# Operators to Transform Sequences

You’ve learned about the implementations of the standard `Publisher` interface and how to subscribe to them.

Now, it’s time to explore the operators offered by Reactor to work with reactive sequences represented by these implementations.

This module covers two operators that perform the most important operation in reactive programming, transformation. In the next module, we’ll talk about other operators and operations.

All right.

Maybe you’ve heard about the map-reduce programming model. It’s a popular model in the big data processing world.

Given a list of values, this model consists of two steps:

1. Produce a new list of values by applying an operation to each value of the original list.
2. Combine the values of that new list into a single one by applying the same computation to each value.

However, it turns out that this operation is so common in programming that map-reduce can be considered a pattern. Here’s an example in traditional (imperative) programming showing the two operations:

``````List<Integer> originalValues = Arrays.asList(1, 2, 3, 4, 5, 6);
List<Integer> newValues = new ArrayList();
int total = 0;
for(Integer val : originalValues) { // The map operation
}
for(Integer val : newValues) {      // The reduce operation
total += val;
}
System.out.println(total);
``````

It’s also common to filter the elements in some way, that’s why this model/pattern is also known as map-filter-reduce:

``````List<Integer> originalValues = Arrays.asList(1, 2, 3, 4, 5, 6);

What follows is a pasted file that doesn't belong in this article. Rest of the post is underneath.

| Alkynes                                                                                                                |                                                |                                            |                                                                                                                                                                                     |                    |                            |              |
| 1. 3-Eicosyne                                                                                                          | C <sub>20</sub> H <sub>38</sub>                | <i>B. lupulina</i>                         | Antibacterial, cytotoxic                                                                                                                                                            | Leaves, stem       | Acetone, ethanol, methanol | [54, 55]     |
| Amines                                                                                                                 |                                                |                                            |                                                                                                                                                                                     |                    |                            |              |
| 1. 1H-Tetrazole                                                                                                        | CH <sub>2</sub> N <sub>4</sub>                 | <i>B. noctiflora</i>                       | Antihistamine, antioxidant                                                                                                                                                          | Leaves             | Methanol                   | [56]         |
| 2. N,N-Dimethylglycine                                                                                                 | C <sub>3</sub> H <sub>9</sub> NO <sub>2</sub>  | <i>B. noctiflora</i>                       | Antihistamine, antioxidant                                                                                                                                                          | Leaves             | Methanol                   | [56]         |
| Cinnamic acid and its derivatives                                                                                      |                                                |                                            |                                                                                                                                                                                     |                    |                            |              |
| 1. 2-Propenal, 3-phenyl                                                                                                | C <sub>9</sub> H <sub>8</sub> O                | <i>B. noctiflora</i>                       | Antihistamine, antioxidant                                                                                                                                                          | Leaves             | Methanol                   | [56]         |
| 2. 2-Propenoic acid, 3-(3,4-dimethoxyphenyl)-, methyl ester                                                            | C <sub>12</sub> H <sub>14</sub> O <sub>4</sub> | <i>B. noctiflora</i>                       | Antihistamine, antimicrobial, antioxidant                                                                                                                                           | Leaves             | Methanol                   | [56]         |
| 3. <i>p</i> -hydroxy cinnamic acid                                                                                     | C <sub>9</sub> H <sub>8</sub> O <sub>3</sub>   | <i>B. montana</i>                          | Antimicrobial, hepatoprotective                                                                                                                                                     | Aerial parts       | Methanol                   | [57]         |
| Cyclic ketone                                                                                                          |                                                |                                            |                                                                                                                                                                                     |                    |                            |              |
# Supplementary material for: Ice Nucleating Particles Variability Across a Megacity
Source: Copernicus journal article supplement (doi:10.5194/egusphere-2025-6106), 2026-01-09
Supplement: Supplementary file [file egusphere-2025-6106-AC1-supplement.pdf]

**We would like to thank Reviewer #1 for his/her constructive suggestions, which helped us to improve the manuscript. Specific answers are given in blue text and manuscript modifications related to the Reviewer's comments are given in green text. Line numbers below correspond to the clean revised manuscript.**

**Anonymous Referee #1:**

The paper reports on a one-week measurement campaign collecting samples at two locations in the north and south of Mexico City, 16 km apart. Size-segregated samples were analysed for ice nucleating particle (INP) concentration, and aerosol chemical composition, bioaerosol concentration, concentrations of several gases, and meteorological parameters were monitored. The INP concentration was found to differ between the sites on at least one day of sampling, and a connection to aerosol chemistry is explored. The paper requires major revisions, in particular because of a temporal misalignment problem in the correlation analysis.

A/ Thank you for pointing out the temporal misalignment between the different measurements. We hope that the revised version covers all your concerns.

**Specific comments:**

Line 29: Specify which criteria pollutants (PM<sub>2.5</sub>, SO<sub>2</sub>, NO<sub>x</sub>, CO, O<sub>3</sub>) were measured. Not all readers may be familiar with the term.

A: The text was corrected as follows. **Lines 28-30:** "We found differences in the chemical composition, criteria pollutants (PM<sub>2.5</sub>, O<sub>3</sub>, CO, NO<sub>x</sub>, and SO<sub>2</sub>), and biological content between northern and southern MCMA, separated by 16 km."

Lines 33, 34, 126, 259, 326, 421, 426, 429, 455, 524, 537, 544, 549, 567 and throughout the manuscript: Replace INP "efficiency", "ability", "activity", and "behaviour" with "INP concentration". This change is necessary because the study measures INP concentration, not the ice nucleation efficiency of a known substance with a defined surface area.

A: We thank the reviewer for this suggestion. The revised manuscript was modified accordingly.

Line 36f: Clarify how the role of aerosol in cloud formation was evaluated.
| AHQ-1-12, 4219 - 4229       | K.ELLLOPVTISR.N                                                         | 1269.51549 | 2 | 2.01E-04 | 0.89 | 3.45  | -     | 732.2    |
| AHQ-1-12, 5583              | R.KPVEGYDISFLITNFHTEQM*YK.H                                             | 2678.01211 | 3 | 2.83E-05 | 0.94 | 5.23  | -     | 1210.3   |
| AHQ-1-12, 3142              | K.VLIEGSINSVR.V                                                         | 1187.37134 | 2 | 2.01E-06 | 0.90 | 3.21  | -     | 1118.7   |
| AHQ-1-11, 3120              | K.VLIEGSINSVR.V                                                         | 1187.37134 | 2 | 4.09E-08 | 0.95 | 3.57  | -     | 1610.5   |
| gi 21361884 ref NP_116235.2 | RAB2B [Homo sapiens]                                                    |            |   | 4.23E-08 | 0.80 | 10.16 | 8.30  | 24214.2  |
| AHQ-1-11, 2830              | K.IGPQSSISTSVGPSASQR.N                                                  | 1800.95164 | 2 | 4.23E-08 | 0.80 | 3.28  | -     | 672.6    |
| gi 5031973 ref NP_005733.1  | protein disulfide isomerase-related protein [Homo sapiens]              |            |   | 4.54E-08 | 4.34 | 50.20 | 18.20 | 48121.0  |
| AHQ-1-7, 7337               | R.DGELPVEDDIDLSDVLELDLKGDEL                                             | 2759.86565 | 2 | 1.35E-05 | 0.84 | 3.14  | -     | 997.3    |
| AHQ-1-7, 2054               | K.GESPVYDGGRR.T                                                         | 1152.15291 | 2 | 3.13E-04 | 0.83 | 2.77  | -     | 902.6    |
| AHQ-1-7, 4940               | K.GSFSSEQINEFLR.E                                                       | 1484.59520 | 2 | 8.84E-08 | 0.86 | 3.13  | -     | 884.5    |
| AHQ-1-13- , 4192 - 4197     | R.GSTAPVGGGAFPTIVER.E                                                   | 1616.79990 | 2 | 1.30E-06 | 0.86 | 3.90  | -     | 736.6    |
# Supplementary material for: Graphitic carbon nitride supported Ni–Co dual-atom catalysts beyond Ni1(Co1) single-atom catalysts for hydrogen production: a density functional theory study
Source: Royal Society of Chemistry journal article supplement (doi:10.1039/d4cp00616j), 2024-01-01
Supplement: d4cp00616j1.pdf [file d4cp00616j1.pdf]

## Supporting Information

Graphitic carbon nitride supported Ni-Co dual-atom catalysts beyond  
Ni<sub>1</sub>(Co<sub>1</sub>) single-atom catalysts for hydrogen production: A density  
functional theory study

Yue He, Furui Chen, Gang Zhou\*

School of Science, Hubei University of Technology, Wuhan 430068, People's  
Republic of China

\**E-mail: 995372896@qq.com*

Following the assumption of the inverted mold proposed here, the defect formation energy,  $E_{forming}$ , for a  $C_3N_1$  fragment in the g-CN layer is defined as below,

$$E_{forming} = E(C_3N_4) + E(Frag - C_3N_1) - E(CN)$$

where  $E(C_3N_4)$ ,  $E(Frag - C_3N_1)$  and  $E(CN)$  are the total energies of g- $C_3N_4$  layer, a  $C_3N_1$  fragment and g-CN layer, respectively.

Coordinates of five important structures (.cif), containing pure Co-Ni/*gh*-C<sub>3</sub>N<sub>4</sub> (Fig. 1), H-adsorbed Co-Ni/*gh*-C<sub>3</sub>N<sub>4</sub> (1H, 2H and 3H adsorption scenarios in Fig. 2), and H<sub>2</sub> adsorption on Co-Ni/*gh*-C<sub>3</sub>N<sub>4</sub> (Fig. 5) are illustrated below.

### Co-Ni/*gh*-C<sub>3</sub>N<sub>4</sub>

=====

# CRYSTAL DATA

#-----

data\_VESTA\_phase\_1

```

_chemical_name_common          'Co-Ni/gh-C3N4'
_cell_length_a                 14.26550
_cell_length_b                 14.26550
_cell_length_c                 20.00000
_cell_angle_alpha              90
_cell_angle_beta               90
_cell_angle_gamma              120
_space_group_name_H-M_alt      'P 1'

List<Integer> newValues = new ArrayList();
int total = 0;
for(Integer val : originalValues) { // The map operation
if(val % 2 == 0) {              // The filter operation
}
}
for(Integer val : newValues) {      // The reduce operation
total += val;
}
System.out.println(total);
``````

Why is this important?

Well, map-reduce has its roots in functional programming.

A (pure) function is just a method that has no side effects. Given the same arguments, the function will always return the same result without modifying anything outside its environment.

In functional programming, functions are first-class citizens. This means that functions can be assigned to variables, passed as arguments of other functions, chained or combined, etc.

Reactive programming uses a functional/declarative style to describe the steps that a reactive sequence goes through because the way you work with operators is by passing functions, represented by functional interfaces such as:

Take for example the Java stream version of map-filter-reduce that also uses functional interfaces:

``````List<Integer> originalValues = Arrays.asList(1, 2, 3, 4, 5, 6);
int total = originalValues.stream()
.map(val -> val * 2)
.filter(val -> val % 2 == 0)
.reduce(0, Integer::sum)
System.out.println(total);
``````

As you can see, it works at a higher level of abstraction than the previous examples. The control statements (`for` and `if`) are gone and we only work with operators and functions.

Of course, you’ve learned that Java streams and reactive streams are not the same, but we cannot deny that the programming model is almost the same.

In Reactor, there’s also a `map` operator that works like the Stream API’s version, but since we’re working with reactive streams, there’s another version that works with `Publisher` interfaces, `flatMap`.

By the way, do you know why these transforming operators are called map?

Well, the term is related to mathematics, but in simple terms is because, with this operator, you can map an operation to every element of the input list to produce an output list. This way, there’s a one-to-one mapping between the input sequence and the output.

All right, as I said before, I’ll talk about `reduce` and other operators in the next module. For now, let’s talk about the `map` operator.